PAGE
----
Course for inmates helps changes lives
PITTSBURGH – Inmates at the Allegheny County Jail in downtown Pittsburgh who get accepted into a program to help them straighten out their lives know “they’ve got to put some work into it,” said the chaplain who heads the program.
“It’s very much about self-discipline. They have to get up, make their beds, keep their shirts tucked in, they cannot swear. The rules are pretty stringent,” said the Rev. Lynn Yeso.
The United Methodist pastor is head chaplain at the jail. For two years she has been director of Potential HOPE, which stands for Helping Open People’s Eyes.
“The key is remaking attitudes and skills in the hope that it will serve them well,” said Father Malcolm McDonald, Catholic chaplain.
The chaplain’s office recently received permission to enroll an entire pod, or housing unit, of male inmates. For the last five years the eight-week, life-skills course was conducted for up to 20 men at a time, but in the fall jail officials gave the office permission to take it large-scale.
Last October the class had 95 men enrolled and 71 graduated from the program Dec. 7. Inmates must go through an interview process to participate in the course.
The idea for expanding the program was met with the “approval and the enthusiasm of the jail administration,” Rev. Yeso told the Pittsburgh Catholic, newspaper of the Pittsburgh Diocese.
An inmate prepared a list of inmates willing to serve as mentors to the program’s students. After five years, the HOPE graduates can serve as mentors.
In the course inmates “confront the ‘stinking thinking’ that got them into trouble and still blocks them in life,” Father McDonald said. “From that, it jumps off into different areas.”
The course is taught by Christian clergy and volunteers, but all faiths are welcome.
“We stress that these are godly values that translate across different faith groups, with enough religious sensitivity and tolerance to speak to anyone,” Father McDonald said. “And for the most part we find it to be true.”
In the fall the series for the first time included an introduction to centering prayer, which required the men to sit quietly for 20 minutes.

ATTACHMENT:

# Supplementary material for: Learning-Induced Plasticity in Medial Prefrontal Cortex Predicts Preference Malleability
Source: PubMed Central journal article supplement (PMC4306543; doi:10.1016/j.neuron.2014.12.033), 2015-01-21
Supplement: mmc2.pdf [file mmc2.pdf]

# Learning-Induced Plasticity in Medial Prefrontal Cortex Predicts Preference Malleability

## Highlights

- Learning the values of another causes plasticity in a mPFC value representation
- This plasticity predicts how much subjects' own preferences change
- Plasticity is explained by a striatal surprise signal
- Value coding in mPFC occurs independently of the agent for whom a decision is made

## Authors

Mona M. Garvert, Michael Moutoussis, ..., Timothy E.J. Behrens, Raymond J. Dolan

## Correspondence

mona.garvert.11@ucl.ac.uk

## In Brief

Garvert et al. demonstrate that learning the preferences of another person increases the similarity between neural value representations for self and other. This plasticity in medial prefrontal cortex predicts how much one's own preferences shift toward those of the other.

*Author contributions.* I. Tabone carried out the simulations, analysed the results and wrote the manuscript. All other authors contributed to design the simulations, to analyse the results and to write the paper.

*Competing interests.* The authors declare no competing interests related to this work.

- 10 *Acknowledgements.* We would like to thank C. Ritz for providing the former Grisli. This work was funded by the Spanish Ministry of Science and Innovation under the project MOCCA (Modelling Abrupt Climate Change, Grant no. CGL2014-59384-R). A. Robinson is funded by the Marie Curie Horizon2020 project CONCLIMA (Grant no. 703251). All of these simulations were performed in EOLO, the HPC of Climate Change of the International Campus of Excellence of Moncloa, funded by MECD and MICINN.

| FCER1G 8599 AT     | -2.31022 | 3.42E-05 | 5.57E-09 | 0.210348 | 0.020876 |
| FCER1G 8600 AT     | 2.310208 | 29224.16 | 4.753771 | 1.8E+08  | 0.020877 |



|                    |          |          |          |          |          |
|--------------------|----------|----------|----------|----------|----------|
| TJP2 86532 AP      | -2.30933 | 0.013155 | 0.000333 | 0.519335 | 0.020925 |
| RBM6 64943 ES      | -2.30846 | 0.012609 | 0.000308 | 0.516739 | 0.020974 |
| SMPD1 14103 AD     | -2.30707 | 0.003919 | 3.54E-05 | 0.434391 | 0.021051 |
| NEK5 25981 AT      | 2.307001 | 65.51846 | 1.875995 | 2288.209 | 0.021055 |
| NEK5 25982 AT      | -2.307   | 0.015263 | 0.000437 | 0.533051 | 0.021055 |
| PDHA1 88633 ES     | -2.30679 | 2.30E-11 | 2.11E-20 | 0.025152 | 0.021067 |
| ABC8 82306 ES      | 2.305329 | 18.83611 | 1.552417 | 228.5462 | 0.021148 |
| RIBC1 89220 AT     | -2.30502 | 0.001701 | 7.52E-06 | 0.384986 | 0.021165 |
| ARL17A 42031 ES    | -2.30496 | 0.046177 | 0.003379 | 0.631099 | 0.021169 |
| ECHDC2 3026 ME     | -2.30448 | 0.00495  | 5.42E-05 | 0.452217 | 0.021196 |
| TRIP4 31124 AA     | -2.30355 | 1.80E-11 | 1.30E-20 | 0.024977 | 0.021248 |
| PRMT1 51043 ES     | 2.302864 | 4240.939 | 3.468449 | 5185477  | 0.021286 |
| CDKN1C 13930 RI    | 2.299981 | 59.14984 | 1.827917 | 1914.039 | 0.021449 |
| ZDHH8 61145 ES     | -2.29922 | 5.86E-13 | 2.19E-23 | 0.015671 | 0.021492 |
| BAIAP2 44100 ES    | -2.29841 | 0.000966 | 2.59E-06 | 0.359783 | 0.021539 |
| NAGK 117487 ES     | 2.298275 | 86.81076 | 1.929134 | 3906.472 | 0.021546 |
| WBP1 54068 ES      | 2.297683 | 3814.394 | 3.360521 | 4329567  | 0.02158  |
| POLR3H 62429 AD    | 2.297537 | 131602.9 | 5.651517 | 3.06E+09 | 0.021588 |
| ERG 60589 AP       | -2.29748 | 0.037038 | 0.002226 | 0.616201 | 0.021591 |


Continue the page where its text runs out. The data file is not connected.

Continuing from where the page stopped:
Father McDonald said he was impressed with how they responded.
“Most men here are addicts of some kind,” whether it’s drugs or alcohol, he said, “and typically addicts are very full of energy, pretty extreme, frenetic. To see huge groups really entering into quiet and learning how to quiet themselves in prayer, it’s really impressive.”
The men who graduated several weeks ago were invited to become servant leaders to help others in the pod.
People working in the prison system, including the Pennsylvania Prison Chaplains Association, are watching the program, Father McDonald said.
Inmates can spend up to two years in the county jail, awaiting judgment, release or transfer to federal or state prisons.
“Ultimately we’re passing along the same people to each other,” the priest said.
“We’re dealing with one large group of parishioners,” he noted.
Rev. Yeso said, “We try to do lots of after-care, try to connect them with a male contact-mentor, men who would meet with them before they’re released and then walk with them on the outside for up to a year.”
“The inmates are good people whose addictions got them into trouble and they made bad choices,” Father McDonald said.
“Prison forces them to be clean and sober,” he added. “I get to see them as they really are and it’s a great time to sow seeds of God’s love for them.
“For many, it’s their first chance to think of God’s role for them. I like being part of that, (to) feel part of fulfilling that dream,” the priest said.